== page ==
Bank of America, the second-largest U.S. bank by assets, has informed U.S. regulators that it is willing to draw back from some parts of the country if its financial problems worsen, the Wall Street Journal reported on Friday, citing people familiar with the situation.
Last year, BofA executives had put potential retreat on a list of emergency scenarios submitted to the Federal Reserve, the Journal said, citing sources.
BofA Chief Executive Brian Moynihan submitted a list to Fed officials in the middle of last year which listed the possible geographic cutback, the paper reported.
The list also included a potential sale of a separate class of shares based on performance of Merrill Lynch, the securities firm owned by Bank of America, WSJ said, citing the sources.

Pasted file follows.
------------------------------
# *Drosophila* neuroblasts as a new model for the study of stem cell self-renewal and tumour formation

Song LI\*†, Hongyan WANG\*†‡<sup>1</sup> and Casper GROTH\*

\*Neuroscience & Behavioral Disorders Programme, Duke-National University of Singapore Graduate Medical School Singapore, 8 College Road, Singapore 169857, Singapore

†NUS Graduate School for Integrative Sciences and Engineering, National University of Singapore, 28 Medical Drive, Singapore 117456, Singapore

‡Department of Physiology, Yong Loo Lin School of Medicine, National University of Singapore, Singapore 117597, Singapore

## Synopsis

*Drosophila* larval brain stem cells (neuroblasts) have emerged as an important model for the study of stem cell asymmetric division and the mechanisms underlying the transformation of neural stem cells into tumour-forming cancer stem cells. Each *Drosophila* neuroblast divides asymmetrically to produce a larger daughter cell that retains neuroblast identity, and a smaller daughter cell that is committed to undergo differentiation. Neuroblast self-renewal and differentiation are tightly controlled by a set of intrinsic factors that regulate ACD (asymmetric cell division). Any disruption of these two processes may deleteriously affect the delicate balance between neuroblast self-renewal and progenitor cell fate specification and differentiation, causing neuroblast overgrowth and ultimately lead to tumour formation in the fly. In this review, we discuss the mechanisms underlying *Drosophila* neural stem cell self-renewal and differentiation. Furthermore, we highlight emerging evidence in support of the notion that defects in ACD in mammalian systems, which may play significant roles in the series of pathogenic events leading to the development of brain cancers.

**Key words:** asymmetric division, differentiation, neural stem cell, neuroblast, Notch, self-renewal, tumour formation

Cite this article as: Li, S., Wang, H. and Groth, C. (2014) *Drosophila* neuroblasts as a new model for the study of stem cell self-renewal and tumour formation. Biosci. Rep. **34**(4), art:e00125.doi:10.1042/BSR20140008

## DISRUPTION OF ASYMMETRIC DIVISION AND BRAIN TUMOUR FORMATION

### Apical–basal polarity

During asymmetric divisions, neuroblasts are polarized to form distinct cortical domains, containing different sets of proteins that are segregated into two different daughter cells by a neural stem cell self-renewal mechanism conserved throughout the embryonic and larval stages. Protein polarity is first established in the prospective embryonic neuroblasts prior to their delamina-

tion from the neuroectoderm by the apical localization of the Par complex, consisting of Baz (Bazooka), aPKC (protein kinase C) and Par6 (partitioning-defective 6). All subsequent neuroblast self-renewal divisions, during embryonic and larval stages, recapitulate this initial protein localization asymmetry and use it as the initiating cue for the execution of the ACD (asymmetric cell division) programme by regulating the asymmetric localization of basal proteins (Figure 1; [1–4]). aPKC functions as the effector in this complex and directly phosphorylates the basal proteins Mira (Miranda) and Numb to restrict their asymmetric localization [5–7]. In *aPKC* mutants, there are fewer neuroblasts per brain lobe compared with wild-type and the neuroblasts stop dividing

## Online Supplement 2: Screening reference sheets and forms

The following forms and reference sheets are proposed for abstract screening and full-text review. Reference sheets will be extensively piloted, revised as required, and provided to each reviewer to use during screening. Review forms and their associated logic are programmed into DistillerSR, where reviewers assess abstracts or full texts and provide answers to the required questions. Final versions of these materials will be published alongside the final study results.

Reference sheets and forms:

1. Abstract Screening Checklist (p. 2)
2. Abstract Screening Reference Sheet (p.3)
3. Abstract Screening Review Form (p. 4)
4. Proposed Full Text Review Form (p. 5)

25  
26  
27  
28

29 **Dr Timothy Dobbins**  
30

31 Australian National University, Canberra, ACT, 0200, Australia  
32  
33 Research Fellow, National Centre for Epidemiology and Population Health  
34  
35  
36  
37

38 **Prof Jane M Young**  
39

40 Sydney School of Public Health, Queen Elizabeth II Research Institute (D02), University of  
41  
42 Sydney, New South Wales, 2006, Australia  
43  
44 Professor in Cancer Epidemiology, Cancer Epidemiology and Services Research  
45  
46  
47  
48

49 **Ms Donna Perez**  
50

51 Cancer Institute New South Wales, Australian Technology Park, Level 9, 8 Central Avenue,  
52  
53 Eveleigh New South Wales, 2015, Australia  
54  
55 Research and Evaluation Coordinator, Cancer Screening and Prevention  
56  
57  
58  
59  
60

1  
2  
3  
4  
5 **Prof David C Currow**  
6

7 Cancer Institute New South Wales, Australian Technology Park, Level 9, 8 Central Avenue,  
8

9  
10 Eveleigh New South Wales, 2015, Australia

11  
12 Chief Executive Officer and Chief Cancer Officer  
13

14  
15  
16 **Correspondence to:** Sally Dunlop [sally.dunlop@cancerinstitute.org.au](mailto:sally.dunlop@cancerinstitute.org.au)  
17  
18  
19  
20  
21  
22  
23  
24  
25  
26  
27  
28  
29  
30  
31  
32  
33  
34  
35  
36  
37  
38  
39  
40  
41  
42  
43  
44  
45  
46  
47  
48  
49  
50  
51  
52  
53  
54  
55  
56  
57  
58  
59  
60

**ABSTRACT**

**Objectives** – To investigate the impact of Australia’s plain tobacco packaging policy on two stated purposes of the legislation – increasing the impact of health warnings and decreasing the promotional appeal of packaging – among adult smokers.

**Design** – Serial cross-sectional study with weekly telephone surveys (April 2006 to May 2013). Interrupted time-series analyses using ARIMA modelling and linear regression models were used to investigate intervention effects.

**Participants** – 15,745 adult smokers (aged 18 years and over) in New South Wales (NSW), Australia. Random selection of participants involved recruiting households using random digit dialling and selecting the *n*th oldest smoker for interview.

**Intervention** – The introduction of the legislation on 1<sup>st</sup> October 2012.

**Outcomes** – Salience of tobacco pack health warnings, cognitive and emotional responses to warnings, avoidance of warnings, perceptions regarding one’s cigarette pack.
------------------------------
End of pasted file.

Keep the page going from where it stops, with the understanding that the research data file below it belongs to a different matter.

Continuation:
Bank of America, which had to be bailed out by the U.S. government during the financial crisis of 2008, has remained one of the weakest in the industry.
For the last two years, Moynihan has worked to gradually streamline the company and build capital, but investors have been disappointed with the speed of the turnaround.
In December, Reuters reported that the bank may be considering the sale of assets in a bid to shore up its position as it tries catch up with major U.S. competitors in complying with new capital rules.
While the bank, like other financial firms, has suffered from a sluggish economy and concerns about the European debt crisis, it has also incurred self-inflicted wounds, including a now-canceled plan to charge customers a $5-per-month debit card fee.
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